Today, the most important problem faced by the world is the lack of global peace. Unstable governments, political tension and ongoing wars are not only some issues, but also causes of other humanitarian issues such as hunger, poverty, diseases, natural disasters, etc. Climate change is another important issue that is of global concern. The nature of crises is changing, with violence increasingly happening in urban areas and against civilian populations, and the consequences of armed conflict and natural disasters have become more protracted. In some contexts, humanitarian actors have been on the ground for decades, dealing with the complex aftermath of crises, resurging violence, or protracted crises. Camps for refugees and internally displaced persons have become long-term temporary solutions. The United Nations High Commissioner for Refugees (UNHCR) estimates that the average duration of the thirty-two protracted refugee situations at the end of 2015 was twenty-six years. Three of the four camps that constitute Kenya’s Dadaab complex, for example, were established in 1991 and 1992, and the complex today hosts over 230,000 refugees and asylum seekers. Sudden or recurring natural disasters often lead to protracted crises in countries with insufficient capacity to respond to the ensuing impacts on their population and infrastructure.
Responding to the humanitarian needs of those affected by conflict and disaster is not a short-term endeavour. There is recognition within the humanitarian community, as reflected in the outcome of the 2016 World Humanitarian Summit, that there is a need to rethink the linkages between humanitarian action, development, and peace and security. Humanitarian actors increasingly perceive a responsibility to work toward bridging what has been described as the “humanitarian-development divide”3 and not to overlook the nexus between addressing and reducing humanitarian needs and building the foundations for sustaining peace. This issue briefly aims to explore how principled humanitarian action, in synergy with other types of responses and initiatives, can contribute to creating the conditions for self-sustaining peace.
The UN sustaining peace resolutions recognize the role that humanitarian action can play in safeguarding or strengthening the preconditions for peace. Indeed, when possible, conflict-sensitive, localized, and sustainable humanitarian action can have a positive impact on communities’ resilience and capacities for peace. Institutions working towards humanitarian acts should keep the following in mind in order to engage in complementary efforts that contribute to sustaining peace:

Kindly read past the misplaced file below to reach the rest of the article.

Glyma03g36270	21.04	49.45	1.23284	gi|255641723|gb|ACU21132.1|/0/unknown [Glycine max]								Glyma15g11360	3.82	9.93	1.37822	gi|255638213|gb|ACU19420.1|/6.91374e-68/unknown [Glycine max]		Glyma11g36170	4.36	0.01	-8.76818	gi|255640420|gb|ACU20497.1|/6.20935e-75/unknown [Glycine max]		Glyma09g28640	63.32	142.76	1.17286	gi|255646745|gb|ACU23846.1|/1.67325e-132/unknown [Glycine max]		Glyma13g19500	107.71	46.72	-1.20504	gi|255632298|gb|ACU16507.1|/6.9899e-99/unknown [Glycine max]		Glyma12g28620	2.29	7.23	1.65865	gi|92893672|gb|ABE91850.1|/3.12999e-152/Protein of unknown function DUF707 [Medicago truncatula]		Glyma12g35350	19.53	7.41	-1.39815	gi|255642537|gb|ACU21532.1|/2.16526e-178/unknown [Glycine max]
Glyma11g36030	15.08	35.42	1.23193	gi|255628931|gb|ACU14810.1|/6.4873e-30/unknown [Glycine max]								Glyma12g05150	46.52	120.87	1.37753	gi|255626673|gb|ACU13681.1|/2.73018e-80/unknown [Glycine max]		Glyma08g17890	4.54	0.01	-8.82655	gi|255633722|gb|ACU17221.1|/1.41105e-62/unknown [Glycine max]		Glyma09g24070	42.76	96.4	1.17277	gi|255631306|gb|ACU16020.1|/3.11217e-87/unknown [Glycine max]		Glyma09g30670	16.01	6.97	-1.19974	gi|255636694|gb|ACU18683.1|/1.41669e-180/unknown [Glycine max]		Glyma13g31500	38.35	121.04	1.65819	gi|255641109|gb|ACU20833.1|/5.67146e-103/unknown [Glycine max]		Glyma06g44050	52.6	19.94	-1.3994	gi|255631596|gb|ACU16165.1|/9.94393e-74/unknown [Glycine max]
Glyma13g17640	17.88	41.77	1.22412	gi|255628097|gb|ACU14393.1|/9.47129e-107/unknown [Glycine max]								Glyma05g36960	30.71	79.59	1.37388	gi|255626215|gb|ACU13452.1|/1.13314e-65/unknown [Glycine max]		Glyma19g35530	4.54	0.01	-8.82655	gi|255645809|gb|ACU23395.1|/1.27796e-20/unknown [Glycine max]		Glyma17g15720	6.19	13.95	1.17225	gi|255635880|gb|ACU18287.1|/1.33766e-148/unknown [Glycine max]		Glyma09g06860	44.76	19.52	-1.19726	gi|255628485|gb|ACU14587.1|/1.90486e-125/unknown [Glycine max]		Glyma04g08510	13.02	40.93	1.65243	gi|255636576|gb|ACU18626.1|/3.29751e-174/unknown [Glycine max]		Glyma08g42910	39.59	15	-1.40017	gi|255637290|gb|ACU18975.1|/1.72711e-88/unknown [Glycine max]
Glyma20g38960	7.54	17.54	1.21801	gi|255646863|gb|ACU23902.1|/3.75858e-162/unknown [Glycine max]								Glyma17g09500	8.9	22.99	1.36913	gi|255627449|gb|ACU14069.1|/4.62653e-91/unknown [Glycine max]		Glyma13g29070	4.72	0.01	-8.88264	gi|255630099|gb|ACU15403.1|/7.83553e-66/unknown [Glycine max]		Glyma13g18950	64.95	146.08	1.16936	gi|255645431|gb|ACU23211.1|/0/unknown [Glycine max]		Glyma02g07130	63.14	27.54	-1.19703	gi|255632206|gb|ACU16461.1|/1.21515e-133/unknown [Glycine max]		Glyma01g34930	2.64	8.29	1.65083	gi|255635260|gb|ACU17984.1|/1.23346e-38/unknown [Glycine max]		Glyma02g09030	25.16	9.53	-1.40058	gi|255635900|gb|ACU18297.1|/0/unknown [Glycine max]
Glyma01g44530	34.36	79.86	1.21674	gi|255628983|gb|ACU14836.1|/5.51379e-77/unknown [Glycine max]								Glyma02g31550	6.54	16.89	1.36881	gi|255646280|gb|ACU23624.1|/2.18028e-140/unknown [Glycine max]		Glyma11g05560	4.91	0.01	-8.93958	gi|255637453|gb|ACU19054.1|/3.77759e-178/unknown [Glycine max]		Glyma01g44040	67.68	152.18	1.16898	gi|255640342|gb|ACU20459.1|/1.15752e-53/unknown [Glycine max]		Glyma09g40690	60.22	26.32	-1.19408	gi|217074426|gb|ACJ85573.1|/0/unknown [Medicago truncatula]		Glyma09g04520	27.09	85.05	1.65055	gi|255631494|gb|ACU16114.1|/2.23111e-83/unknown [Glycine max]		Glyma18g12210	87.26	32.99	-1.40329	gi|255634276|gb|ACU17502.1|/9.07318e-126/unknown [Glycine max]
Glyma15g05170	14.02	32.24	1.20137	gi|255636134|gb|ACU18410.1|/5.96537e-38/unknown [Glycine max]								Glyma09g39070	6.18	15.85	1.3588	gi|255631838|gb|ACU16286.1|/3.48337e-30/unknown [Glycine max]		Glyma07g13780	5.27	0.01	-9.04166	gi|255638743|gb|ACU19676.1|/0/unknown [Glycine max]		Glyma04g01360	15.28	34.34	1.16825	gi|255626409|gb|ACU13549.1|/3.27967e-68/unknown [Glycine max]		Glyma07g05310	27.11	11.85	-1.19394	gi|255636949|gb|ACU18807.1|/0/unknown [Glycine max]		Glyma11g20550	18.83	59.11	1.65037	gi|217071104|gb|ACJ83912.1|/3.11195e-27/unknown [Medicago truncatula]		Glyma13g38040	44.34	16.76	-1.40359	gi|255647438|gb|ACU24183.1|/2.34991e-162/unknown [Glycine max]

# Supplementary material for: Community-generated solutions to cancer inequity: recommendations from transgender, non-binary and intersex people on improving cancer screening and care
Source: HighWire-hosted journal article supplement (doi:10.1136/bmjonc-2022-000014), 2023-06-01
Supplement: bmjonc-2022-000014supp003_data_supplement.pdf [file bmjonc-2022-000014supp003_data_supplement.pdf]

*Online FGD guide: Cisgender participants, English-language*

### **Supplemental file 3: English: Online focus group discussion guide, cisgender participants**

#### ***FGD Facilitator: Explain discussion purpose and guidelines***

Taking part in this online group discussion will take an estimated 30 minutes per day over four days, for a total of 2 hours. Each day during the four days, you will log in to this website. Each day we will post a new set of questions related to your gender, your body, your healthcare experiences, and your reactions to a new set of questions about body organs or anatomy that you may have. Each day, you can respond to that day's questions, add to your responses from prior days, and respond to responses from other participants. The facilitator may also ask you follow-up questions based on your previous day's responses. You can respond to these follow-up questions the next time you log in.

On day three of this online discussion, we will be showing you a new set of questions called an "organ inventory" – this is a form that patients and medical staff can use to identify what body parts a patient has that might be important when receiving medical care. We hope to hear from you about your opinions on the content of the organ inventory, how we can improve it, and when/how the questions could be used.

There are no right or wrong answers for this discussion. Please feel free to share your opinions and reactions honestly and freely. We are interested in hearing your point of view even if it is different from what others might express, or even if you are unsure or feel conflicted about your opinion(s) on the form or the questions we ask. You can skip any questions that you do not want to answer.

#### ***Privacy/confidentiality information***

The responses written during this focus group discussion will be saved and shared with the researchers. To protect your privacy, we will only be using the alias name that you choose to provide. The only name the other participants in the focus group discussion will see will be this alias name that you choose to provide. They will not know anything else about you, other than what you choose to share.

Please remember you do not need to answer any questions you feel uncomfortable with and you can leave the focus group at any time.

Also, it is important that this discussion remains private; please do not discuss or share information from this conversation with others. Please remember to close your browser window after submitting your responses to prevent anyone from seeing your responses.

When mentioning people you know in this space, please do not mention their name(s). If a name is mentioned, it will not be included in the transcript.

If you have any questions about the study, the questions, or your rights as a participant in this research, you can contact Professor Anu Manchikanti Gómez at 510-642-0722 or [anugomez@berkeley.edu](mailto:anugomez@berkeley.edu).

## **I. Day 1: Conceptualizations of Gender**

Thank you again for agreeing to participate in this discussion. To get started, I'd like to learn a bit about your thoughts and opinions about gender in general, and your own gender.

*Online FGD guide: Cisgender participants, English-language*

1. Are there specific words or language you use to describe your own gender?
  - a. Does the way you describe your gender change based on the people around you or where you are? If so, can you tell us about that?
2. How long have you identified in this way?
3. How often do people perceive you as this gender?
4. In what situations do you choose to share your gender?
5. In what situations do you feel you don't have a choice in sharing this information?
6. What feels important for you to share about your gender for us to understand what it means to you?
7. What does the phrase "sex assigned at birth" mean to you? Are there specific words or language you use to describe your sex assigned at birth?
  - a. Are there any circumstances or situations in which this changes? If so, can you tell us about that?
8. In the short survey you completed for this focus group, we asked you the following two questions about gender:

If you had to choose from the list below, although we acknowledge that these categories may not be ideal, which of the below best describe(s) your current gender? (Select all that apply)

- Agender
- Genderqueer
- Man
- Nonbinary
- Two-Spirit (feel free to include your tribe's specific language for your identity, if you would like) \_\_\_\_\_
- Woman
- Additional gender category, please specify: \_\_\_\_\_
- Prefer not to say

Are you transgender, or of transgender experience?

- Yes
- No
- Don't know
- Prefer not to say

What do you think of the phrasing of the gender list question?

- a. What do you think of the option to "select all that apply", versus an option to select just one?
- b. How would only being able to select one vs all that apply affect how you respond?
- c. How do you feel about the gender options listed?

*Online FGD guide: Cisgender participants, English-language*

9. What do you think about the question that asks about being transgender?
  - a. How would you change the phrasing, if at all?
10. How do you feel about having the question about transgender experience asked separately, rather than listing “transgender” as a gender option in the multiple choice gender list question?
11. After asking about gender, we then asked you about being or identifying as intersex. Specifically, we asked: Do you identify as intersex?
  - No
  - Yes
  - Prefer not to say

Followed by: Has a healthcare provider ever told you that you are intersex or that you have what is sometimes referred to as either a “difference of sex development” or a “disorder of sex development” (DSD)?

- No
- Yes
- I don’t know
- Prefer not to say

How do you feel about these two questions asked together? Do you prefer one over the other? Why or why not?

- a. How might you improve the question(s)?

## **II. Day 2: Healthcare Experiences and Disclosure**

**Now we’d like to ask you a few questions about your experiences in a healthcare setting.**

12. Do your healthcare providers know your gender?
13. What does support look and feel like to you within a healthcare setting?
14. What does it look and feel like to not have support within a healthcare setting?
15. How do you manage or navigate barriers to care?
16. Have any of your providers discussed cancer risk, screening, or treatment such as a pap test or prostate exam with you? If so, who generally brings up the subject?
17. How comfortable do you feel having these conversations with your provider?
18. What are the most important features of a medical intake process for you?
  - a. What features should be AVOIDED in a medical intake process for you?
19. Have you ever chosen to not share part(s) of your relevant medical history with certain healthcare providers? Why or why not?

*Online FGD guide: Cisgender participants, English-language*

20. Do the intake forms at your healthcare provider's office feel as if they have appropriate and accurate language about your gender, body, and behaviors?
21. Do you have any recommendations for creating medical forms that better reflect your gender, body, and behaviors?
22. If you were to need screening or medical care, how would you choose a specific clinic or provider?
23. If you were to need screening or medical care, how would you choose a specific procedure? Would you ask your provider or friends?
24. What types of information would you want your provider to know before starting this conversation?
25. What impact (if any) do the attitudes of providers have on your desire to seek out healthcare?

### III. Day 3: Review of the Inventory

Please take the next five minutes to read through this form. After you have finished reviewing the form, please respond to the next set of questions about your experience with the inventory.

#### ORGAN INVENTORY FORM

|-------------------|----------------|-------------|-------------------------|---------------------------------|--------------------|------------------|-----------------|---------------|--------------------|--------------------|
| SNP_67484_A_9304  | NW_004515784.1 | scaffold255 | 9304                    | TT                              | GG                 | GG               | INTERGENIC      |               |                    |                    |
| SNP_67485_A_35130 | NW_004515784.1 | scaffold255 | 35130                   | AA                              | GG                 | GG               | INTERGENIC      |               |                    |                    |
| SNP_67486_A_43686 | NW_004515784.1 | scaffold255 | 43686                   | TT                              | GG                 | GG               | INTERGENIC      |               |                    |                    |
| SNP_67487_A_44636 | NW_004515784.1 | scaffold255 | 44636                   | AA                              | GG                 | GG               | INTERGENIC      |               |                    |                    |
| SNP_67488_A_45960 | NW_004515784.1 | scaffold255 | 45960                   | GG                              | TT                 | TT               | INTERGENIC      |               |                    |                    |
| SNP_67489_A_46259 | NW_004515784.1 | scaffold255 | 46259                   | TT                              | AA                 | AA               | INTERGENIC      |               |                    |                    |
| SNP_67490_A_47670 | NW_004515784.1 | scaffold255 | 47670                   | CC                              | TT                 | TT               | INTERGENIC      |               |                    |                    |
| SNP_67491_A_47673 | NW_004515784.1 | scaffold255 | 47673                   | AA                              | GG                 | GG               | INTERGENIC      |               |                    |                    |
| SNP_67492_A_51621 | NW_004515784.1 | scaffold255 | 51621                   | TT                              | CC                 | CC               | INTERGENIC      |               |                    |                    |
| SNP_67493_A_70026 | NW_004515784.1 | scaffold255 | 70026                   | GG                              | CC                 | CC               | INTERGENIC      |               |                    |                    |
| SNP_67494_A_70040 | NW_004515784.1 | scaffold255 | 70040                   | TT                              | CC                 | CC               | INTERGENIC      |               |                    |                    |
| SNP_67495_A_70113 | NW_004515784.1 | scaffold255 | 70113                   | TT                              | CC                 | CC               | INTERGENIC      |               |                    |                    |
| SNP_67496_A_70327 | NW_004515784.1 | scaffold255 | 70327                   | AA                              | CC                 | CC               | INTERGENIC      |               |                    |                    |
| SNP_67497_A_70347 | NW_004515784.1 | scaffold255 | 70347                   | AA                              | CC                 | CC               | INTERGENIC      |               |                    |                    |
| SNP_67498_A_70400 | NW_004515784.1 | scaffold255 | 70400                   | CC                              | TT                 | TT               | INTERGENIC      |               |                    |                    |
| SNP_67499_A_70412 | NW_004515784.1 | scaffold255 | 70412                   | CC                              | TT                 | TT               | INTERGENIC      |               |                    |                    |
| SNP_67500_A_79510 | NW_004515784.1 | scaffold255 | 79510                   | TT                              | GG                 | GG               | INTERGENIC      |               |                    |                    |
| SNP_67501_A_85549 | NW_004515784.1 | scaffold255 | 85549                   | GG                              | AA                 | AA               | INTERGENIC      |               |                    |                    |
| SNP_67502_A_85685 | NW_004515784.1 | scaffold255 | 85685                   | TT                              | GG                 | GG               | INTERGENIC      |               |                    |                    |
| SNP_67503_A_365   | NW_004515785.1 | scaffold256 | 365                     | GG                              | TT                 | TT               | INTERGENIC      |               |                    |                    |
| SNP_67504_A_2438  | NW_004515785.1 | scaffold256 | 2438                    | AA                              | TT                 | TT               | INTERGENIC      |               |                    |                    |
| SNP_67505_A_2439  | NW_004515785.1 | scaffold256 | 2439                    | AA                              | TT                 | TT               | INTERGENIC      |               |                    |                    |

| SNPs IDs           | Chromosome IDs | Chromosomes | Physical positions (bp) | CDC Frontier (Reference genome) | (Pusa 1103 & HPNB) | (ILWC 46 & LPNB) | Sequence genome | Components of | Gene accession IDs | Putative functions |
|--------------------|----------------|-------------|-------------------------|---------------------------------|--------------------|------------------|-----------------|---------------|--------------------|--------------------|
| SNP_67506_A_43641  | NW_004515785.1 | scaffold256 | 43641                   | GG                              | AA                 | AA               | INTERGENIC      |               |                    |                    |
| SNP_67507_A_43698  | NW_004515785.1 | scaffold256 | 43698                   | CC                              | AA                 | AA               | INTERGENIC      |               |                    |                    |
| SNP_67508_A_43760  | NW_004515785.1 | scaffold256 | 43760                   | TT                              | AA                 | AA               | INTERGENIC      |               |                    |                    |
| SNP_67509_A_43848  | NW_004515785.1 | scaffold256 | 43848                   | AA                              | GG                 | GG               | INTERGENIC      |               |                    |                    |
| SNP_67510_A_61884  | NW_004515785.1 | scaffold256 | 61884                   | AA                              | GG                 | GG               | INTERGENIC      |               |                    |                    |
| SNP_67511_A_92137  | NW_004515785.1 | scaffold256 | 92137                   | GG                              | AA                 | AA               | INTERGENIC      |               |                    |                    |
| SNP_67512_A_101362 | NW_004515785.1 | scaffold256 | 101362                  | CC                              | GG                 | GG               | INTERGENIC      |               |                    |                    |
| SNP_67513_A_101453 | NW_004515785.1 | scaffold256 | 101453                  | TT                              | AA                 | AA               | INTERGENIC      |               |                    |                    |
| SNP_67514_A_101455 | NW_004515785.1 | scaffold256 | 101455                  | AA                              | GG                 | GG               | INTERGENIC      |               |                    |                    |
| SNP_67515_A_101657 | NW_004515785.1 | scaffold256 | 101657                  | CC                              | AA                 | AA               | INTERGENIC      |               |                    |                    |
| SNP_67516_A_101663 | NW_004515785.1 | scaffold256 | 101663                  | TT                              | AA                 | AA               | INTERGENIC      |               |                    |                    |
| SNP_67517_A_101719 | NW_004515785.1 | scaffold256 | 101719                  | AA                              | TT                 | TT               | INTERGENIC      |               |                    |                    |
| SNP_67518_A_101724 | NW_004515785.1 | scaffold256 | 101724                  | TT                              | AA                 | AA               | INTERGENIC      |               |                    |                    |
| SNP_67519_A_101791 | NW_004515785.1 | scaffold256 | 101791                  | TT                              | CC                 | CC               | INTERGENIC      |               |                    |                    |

- Humanitarian action must remain guided by the principles of neutrality and independence. Political objectives should not be mixed into humanitarian interventions. The linkages identified between humanitarian action and peace efforts do not suggest that they should be intertwined. Peacebuilding efforts or processes should be developed in parallel to humanitarian activities.
- Policies that address the humanitarian-development divide will help ensure humanitarian action that helps build sustainable services and resilient communities. Given the prevalence of protracted crises, achieving a meaningful and sustainable impact requires that humanitarian actors engage in longer-term planning to find more durable solutions.
- Humanitarian and peacebuilding actors should more closely interact. Respecting humanitarian principles and interacting more closely with peacebuilding actors are not necessarily mutually exclusive. There should be more coordination between the two spheres to ensure not only a good understanding of their respective mandates and objectives, but also complementarity in their efforts. This would help in particular when it comes to developing a shared understanding of the context.
- Both humanitarian and peacebuilding actors would benefit from exploring further how humanitarian action can contribute to creating the conditions necessary for sustaining peace. A good example to follow would be the ICRC’s initiative on international humanitarian law (IHL) and peacebuilding, which aims to explore whether respect for IHL during a conflict strengthens the foundations on which peace can be built.